Not the Nine O’Clock News is hard to get a handle on in the present day, if only because the actual programmes as transmitted havent been seen for 25 years – instead we have six half-hour compilations of sketches, and a lingering sensation that we’re getting a misrepresentation of what the programme was actually like (though I am always dead impressed by how Pamela Stephenson managed to extract maximum funniness out of whatever material she was given)

    The bunny reminds me that we shall be presented with further opportunities to discuss the hilarious comedy of Hale & Pace in the fullness of time.

  27. 27
    Conrad on 4 Dec 2008 #

    Will, that was certainly my reaction in Decemeber 1980 – Spandau Ballet’s performance of To Cut A Long Story Short on TOTP made a huge impression on me. It was arguably the single most important event in shaping my subsequent adoration of Japan, Human League and Roxy Music.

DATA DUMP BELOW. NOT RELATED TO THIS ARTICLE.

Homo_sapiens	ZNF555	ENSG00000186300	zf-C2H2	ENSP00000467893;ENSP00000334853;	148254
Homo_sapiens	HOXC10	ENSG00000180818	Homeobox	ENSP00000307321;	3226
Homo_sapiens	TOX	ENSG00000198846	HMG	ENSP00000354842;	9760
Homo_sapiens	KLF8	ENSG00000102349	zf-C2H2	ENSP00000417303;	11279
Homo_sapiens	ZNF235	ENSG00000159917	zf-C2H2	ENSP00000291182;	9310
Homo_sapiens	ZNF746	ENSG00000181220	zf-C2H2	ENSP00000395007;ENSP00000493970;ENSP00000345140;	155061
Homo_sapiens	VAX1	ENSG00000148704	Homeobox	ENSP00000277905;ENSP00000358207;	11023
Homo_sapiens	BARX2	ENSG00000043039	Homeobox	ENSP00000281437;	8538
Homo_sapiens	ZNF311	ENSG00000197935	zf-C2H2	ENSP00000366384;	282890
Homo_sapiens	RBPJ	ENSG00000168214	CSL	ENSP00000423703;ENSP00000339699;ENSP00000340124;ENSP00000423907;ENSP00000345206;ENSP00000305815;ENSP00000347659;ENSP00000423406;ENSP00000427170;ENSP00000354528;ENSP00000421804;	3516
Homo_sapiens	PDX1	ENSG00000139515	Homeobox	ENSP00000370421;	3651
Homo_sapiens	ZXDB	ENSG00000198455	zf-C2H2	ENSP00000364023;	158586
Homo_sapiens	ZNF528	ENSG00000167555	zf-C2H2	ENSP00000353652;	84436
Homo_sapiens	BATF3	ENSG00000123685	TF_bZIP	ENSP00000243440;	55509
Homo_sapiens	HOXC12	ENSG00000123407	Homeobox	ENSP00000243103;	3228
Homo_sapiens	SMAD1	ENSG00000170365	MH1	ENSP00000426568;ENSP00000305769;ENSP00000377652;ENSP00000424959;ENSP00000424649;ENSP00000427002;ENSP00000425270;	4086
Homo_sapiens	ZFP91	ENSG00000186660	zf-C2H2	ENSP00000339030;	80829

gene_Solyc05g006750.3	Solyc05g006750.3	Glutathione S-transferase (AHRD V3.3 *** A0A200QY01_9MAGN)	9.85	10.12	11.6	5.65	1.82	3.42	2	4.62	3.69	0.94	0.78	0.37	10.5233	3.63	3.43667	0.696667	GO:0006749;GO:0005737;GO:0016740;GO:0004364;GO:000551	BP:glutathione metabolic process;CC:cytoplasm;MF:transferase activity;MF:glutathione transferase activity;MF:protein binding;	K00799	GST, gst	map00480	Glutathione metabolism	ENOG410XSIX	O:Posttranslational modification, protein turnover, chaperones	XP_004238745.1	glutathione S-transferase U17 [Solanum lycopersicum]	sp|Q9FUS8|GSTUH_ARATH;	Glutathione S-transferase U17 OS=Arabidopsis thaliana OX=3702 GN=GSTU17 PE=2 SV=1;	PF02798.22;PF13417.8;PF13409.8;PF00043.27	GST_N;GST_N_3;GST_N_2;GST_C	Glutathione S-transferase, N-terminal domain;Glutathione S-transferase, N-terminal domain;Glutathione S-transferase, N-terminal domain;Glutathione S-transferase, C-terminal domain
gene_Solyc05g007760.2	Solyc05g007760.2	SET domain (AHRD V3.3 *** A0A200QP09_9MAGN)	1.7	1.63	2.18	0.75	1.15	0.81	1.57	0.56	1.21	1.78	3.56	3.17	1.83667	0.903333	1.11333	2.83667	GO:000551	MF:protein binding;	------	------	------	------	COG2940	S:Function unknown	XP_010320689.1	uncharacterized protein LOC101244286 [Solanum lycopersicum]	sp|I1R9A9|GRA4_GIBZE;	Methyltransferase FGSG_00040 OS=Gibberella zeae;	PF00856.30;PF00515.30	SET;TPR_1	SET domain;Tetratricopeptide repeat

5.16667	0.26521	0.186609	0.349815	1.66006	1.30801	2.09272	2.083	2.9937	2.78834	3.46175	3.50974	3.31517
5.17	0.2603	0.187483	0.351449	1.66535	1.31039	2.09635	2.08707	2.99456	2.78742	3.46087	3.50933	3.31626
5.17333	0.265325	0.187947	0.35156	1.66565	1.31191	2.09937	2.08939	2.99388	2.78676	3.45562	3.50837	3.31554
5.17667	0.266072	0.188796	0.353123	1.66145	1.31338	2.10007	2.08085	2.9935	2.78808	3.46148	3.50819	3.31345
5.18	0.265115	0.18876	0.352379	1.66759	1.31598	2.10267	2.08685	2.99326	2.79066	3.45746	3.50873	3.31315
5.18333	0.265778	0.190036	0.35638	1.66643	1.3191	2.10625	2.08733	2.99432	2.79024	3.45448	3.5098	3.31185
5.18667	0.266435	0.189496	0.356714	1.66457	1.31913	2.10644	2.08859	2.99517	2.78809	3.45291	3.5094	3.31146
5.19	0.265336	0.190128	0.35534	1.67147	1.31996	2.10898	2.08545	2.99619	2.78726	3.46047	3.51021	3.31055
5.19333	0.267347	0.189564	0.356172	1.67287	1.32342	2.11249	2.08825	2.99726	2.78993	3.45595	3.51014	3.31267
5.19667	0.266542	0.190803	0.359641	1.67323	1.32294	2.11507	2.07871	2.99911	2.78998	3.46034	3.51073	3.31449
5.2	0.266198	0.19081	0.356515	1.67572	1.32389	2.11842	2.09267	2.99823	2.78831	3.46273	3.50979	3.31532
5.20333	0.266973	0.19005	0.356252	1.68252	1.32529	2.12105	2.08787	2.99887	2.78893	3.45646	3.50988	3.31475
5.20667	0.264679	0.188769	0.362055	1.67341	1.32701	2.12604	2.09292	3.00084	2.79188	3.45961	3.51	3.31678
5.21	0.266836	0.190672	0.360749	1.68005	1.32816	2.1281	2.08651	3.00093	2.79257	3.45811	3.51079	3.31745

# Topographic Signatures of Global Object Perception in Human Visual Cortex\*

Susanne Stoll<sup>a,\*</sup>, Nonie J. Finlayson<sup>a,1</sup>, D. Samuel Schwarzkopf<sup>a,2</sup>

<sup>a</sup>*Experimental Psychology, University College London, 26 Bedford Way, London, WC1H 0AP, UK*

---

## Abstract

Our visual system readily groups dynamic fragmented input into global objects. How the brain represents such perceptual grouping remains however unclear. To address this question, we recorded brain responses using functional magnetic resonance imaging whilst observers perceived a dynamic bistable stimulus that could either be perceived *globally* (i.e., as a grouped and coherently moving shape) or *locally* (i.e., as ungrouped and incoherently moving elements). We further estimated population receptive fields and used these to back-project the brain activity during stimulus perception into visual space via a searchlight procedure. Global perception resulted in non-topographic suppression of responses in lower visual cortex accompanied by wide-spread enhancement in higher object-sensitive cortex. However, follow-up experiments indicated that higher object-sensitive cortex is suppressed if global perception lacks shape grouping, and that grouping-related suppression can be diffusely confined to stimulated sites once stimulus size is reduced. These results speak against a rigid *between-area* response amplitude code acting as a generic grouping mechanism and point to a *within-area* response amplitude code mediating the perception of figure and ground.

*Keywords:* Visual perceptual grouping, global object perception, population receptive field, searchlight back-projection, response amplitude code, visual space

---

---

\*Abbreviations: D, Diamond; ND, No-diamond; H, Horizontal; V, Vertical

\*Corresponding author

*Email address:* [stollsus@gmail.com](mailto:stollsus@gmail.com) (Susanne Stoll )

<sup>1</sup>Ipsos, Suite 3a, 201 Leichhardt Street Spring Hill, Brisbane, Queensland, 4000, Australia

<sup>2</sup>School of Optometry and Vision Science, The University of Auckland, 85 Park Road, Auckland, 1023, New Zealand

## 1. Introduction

It also, more than other moment up to this point, had the effect of ensuring as 1981 dawned that my ears were open to New Pop. I was first and foremost a pop music fan and a chart follower, a Smash Hits and NME reader.

    My least favourite subjects at school suffered for lack of attention. Even my love of football suffered…

    I have always felt a tinge of sadness at not being old enough to have gone to the Blitz, and been part of the London nightlife at the height of New Romanticism. It all seemed so incredibly exotic and glamourous to a 14 year old stuck miles away from the bright lights on the South Coast of England.